But there are some subtleties in comparing, say, state 4-year schools. First, of course, you don't expect completion rates to be as high if the quality of entering students is lower.

              But schools may also vary, depending on both location and focus, in terms of the proportion of technical majors and/or the proportion of effectively part-time students (limited by various factors to taking 12-13 credits per term). In each of these cases, students will tend to take longer to finish their degree, on average, especially when the level of entering student is lower.

              Finally, it should be noted that part of the delay in completing programs comes down to poor advising and mentoring by faculty. While this may differ institution-by-institution, it is likely to differ at least as much program-by-program within an institution. [As a side note: this formulation begs for an ANOVA study.]

              So, in response to your comment about community colleges in California, the information is useful, but would be more useful with more information. If you could give completion rates or times for groups of majors, that would probably provide a great deal better information.

      •  Community colleges I think have some different (2+ / 0-)
        Recommended by:
        VClib, allie4fairness

        issues, most notably that many people enroll and get huge benefit out of the system without intending to finish a full two year associate degree. There needs to be recognition of this bifurcated mission: an accounting for those who intend a two year degree and/or transfer is important and valid; access for those who do not so intend is important as well.

        On the plus side, no one is coming out of a community college five figures in debt either.

        Fry, don't be a hero! It's not covered by our health plan!

        by elfling on Tue May 27, 2014 at 01:42:08 PM PDT

        [ Parent ]

  •  This is the wrong solution from the POTUS (6+ / 0-)

    as much as university administration are likewise in the wrong. This whole thing is a clean-up on aisle nine.

    Professors are not amused.

    Click the ♥ to join us on the Black Kos front porch to review news & views written from a black pov - everyone is welcome.

    by mahakali overdrive on Tue May 27, 2014 at 08:47:25 AM PDT

    •  How can Harvard and MIT be compared when (6+ / 0-)

      they serve different types of students?  Does selective admission make a school bad?

      How can either of these schools be compared to a community college with open admission?  Some community college students want a certificate that will help them get a better job.  Other students are taking a few courses before transferring to large universities.  

      Community colleges may offer literacy programs.  It is much easier for an adult to say they are attending their college course than to say they are just now learning to read.  These courses do not carry college credit, but they can prepare bright, underprivileged students for actual college courses.  Those who improve reading or math skills but do not go on to pursue college degrees are more employable.  These skills are also useful in the personal lives of the students.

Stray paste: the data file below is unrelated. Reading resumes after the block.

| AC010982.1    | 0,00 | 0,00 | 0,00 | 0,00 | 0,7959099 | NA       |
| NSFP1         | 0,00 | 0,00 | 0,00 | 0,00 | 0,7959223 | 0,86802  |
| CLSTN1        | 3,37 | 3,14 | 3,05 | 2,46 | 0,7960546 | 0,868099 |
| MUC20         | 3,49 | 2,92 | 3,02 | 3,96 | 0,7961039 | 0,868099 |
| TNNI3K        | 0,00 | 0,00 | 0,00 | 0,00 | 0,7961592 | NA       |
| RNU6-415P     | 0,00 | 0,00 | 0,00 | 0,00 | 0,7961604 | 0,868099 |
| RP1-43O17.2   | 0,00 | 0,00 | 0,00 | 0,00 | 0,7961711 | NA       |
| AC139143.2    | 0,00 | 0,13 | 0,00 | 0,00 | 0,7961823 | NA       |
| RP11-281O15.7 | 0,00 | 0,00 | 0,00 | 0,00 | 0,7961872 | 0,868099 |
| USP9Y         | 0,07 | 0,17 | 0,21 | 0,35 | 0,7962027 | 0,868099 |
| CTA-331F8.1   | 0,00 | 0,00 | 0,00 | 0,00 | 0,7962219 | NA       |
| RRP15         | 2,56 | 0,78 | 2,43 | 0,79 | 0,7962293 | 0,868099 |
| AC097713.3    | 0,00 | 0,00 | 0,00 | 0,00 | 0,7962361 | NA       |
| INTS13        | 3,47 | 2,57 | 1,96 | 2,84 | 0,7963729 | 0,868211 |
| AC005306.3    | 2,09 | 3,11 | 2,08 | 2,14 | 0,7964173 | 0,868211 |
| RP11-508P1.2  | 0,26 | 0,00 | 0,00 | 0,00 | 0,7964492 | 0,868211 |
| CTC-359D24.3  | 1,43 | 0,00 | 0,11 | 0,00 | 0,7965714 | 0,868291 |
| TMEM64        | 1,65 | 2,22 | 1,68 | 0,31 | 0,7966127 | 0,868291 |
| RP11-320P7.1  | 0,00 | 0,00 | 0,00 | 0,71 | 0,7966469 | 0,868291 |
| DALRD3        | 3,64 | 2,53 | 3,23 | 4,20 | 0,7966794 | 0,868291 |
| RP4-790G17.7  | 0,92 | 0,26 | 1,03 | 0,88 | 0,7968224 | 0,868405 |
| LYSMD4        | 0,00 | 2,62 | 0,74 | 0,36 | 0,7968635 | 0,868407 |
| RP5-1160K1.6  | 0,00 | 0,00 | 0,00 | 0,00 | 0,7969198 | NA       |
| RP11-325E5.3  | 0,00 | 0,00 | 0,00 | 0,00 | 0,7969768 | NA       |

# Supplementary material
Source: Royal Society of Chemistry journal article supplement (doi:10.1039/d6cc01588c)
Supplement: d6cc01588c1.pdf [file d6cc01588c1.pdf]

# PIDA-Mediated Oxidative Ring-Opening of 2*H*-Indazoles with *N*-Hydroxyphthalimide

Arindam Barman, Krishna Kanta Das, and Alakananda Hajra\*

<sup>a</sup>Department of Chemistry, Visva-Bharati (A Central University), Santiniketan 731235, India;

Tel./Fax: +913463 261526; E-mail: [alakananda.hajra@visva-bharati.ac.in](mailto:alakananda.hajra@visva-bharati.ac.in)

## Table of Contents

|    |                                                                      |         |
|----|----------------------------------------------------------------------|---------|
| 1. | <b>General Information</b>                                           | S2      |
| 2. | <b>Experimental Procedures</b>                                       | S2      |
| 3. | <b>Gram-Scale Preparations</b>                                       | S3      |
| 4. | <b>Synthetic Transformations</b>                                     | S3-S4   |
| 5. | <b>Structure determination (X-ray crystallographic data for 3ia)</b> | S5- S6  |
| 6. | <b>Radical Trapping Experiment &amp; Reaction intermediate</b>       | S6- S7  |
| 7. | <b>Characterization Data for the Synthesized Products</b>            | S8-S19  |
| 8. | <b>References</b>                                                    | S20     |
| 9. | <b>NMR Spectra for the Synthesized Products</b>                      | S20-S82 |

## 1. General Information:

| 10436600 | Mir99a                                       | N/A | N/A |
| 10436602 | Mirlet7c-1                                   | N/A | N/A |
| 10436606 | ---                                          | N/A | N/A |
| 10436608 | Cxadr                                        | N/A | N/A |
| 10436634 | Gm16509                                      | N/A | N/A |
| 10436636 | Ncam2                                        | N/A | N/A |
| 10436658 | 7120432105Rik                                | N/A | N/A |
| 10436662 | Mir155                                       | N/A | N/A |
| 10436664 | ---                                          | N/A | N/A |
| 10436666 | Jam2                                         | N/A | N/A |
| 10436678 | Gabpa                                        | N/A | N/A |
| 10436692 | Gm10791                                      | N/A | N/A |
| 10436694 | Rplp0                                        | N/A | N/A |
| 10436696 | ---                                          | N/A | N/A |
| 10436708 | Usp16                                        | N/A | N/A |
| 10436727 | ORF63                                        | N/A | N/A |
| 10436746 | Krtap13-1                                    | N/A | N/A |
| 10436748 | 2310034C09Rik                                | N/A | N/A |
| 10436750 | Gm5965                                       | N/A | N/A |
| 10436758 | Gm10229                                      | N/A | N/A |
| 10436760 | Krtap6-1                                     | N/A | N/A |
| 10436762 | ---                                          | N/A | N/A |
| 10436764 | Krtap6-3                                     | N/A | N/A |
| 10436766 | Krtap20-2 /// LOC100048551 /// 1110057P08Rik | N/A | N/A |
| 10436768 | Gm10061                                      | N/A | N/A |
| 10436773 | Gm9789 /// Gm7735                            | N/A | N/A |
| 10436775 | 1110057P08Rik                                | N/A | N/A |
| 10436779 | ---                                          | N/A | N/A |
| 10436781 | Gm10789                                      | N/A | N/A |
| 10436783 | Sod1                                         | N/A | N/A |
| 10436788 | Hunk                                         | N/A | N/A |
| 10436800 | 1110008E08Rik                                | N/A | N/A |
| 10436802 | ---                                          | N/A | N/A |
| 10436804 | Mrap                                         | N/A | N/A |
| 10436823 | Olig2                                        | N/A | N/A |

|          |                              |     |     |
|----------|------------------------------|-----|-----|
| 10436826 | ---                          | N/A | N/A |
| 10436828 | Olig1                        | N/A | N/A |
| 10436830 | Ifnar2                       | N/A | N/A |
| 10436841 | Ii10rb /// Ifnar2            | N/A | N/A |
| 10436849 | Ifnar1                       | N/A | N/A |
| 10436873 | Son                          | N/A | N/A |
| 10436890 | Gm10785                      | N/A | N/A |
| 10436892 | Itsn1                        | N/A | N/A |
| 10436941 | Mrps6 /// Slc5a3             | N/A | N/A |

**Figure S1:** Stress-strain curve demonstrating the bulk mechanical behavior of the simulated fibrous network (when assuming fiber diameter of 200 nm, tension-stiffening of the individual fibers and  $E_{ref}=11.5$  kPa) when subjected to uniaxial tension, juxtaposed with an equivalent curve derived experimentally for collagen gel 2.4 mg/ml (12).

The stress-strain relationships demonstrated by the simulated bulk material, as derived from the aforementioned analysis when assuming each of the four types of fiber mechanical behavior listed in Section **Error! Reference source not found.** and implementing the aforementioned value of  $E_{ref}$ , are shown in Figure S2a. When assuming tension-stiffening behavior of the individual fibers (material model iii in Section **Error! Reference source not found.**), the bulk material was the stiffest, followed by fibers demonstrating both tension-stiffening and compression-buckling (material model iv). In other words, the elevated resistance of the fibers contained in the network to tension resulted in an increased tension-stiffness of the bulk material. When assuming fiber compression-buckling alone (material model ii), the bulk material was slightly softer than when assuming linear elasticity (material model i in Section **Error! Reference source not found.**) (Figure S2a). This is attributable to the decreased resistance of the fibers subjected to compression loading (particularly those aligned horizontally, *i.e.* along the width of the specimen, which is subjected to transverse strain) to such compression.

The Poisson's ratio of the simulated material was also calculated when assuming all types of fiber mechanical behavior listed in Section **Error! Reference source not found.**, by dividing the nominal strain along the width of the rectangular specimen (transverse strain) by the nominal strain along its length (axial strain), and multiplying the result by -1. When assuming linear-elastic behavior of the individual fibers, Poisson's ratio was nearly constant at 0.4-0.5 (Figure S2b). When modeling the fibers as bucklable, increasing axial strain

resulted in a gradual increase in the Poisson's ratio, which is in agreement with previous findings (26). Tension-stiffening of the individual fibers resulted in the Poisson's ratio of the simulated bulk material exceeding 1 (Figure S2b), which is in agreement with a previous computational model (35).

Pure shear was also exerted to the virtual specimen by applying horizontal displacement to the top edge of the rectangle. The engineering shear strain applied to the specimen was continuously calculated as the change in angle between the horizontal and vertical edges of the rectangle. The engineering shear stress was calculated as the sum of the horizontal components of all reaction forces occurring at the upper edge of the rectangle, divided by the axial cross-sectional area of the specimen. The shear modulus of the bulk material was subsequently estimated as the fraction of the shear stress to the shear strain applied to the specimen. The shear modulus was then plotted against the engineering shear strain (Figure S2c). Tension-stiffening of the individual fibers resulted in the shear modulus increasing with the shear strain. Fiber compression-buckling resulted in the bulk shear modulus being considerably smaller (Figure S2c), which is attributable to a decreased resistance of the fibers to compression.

Terms of student loans and financial aid need to be clearly spelled out in advance.  Advertisements about job prospects for graduates must be realistic.  Higher education should not be run like a bunch of feudal corporations, but comparing schools is comparing apples and oranges and watermelons.

      •  they should stop calling (2+ / 0-)
        Recommended by:
        codairem, allie4fairness

        student loans financial aid.   Buying something on credit is not the same thing as a grant.

        When a college tells you that you are getting $20K in financial aid, that sounds great. But it's not so great when $18K of that is a loan, with interest.

        My Canadian nephew can go to college, all costs included, for the same price that per year at one of the best schools in the world (University of Toronto, or University of British Columbia, for example), for the same price as an American kid pays for the dorm here. Something is wrong with this.

        "Taxes are what we pay for civilized society, including the chance to insure" - Oliver Wendell Holmes, Compania General De Tabacos De Filipinas v. Collector of Internal Revenue, 275 U.S. 87, 100, dissenting; opinion

        by HugoDog on Tue May 27, 2014 at 09:43:57 AM PDT

        [ Parent ]

      •  allie - community colleges will score very high (3+ / 0-)

        on access and affordability.

        "let's talk about that" uid 92953

        by VClib on Tue May 27, 2014 at 09:46:33 AM PDT

        [ Parent ]

        •  "Retention" is the problem. Many student reach (1+ / 0-)
          Recommended by:
          VClib

          their goal without getting a degree.  Pushing them to graduate wastes their time and money.  

          The real issue at a community college should be academic standards and articulation agreements that allow success for students transferring to large universities, and adequate career preparation for other students.

      •  Community college might turn out to be (1+ / 0-)
        Recommended by:
        allie4fairness

        a better investment than an Ivy, that's how the two can be compared.

        •  People who go to community colleges are not likely (0+ / 0-)

          to meet people who are going to give them plummy positions on boards of directors or in think tanks.  

          The actual education is certainly a much better bargain at any community college that maintains academic standards.

  •  What Is the Desirable Outcome of an Education? (5+ / 0-)